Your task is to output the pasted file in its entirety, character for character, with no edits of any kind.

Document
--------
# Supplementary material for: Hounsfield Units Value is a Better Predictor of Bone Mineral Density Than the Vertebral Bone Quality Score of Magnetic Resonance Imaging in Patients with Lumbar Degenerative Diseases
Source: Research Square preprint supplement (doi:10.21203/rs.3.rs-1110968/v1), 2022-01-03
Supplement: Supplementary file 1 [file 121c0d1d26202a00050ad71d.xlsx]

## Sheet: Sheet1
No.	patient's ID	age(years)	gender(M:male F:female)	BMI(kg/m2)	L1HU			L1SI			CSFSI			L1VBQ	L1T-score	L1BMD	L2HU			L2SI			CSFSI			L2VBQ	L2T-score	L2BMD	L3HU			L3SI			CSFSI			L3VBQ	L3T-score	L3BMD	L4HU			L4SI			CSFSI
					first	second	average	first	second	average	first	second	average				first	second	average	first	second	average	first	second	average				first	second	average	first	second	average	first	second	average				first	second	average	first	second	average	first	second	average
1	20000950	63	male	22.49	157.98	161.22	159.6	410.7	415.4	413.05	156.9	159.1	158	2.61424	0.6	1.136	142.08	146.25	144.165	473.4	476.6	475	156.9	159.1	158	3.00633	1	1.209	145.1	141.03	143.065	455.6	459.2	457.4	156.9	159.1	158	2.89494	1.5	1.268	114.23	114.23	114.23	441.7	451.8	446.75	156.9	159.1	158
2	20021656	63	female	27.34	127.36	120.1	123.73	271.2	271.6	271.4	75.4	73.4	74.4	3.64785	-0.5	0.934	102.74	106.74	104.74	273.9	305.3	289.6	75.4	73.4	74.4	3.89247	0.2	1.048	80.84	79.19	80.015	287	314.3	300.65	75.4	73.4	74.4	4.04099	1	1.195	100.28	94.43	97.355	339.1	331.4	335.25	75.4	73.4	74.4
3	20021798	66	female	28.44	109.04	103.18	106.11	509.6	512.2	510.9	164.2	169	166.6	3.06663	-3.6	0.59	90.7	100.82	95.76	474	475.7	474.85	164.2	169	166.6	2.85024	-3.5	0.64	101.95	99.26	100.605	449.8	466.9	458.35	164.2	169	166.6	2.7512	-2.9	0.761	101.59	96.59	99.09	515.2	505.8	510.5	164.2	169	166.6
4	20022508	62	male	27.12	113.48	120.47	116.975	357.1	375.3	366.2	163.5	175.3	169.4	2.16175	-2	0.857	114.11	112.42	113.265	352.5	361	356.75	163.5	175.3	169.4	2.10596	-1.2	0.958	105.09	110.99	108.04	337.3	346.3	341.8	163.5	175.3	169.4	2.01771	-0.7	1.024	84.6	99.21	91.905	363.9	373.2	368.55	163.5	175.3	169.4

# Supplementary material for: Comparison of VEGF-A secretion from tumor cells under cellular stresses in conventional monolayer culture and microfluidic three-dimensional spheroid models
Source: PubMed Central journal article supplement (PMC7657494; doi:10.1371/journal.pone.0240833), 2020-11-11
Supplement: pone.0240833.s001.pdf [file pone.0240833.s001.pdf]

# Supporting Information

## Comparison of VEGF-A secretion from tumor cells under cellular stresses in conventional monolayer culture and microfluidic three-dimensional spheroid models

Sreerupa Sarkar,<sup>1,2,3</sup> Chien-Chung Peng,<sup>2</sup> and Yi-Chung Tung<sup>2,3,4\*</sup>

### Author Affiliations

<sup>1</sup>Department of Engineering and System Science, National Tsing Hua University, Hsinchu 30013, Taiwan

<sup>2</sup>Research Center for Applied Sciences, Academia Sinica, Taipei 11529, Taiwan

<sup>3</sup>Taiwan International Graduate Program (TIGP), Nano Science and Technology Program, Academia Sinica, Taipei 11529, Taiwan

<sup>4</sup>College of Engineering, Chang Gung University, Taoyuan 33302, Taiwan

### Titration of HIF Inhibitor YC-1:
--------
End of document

# Supplementary material for: Hounsfield Units Value is a Better Predictor of Bone Mineral Density Than the Vertebral Bone Quality Score of Magnetic Resonance Imaging in Patients with Lumbar Degenerative Diseases
Source: Research Square preprint supplement (doi:10.21203/rs.3.rs-1110968/v1), 2022-01-03
Supplement: Supplementary file 1 [file 121c0d1d26202a00050ad71d.xlsx]

## Sheet: Sheet1
No.	patient's ID	age(years)	gender(M:male F:female)	BMI(kg/m2)	L1HU			L1SI			CSFSI			L1VBQ	L1T-score	L1BMD	L2HU			L2SI			CSFSI			L2VBQ	L2T-score	L2BMD	L3HU			L3SI			CSFSI			L3VBQ	L3T-score	L3BMD	L4HU			L4SI			CSFSI
					first	second	average	first	second	average	first	second	average				first	second	average	first	second	average	first	second	average				first	second	average	first	second	average	first	second	average				first	second	average	first	second	average	first	second	average
1	20000950	63	male	22.49	157.98	161.22	159.6	410.7	415.4	413.05	156.9	159.1	158	2.61424	0.6	1.136	142.08	146.25	144.165	473.4	476.6	475	156.9	159.1	158	3.00633	1	1.209	145.1	141.03	143.065	455.6	459.2	457.4	156.9	159.1	158	2.89494	1.5	1.268	114.23	114.23	114.23	441.7	451.8	446.75	156.9	159.1	158
2	20021656	63	female	27.34	127.36	120.1	123.73	271.2	271.6	271.4	75.4	73.4	74.4	3.64785	-0.5	0.934	102.74	106.74	104.74	273.9	305.3	289.6	75.4	73.4	74.4	3.89247	0.2	1.048	80.84	79.19	80.015	287	314.3	300.65	75.4	73.4	74.4	4.04099	1	1.195	100.28	94.43	97.355	339.1	331.4	335.25	75.4	73.4	74.4
3	20021798	66	female	28.44	109.04	103.18	106.11	509.6	512.2	510.9	164.2	169	166.6	3.06663	-3.6	0.59	90.7	100.82	95.76	474	475.7	474.85	164.2	169	166.6	2.85024	-3.5	0.64	101.95	99.26	100.605	449.8	466.9	458.35	164.2	169	166.6	2.7512	-2.9	0.761	101.59	96.59	99.09	515.2	505.8	510.5	164.2	169	166.6
4	20022508	62	male	27.12	113.48	120.47	116.975	357.1	375.3	366.2	163.5	175.3	169.4	2.16175	-2	0.857	114.11	112.42	113.265	352.5	361	356.75	163.5	175.3	169.4	2.10596	-1.2	0.958	105.09	110.99	108.04	337.3	346.3	341.8	163.5	175.3	169.4	2.01771	-0.7	1.024	84.6	99.21	91.905	363.9	373.2	368.55	163.5	175.3	169.4

# Supplementary material for: Comparison of VEGF-A secretion from tumor cells under cellular stresses in conventional monolayer culture and microfluidic three-dimensional spheroid models
Source: PubMed Central journal article supplement (PMC7657494; doi:10.1371/journal.pone.0240833), 2020-11-11
Supplement: pone.0240833.s001.pdf [file pone.0240833.s001.pdf]

# Supporting Information

## Comparison of VEGF-A secretion from tumor cells under cellular stresses in conventional monolayer culture and microfluidic three-dimensional spheroid models

Sreerupa Sarkar,<sup>1,2,3</sup> Chien-Chung Peng,<sup>2</sup> and Yi-Chung Tung<sup>2,3,4\*</sup>

### Author Affiliations

<sup>1</sup>Department of Engineering and System Science, National Tsing Hua University, Hsinchu 30013, Taiwan

<sup>2</sup>Research Center for Applied Sciences, Academia Sinica, Taipei 11529, Taiwan

<sup>3</sup>Taiwan International Graduate Program (TIGP), Nano Science and Technology Program, Academia Sinica, Taipei 11529, Taiwan

<sup>4</sup>College of Engineering, Chang Gung University, Taoyuan 33302, Taiwan

### Titration of HIF Inhibitor YC-1: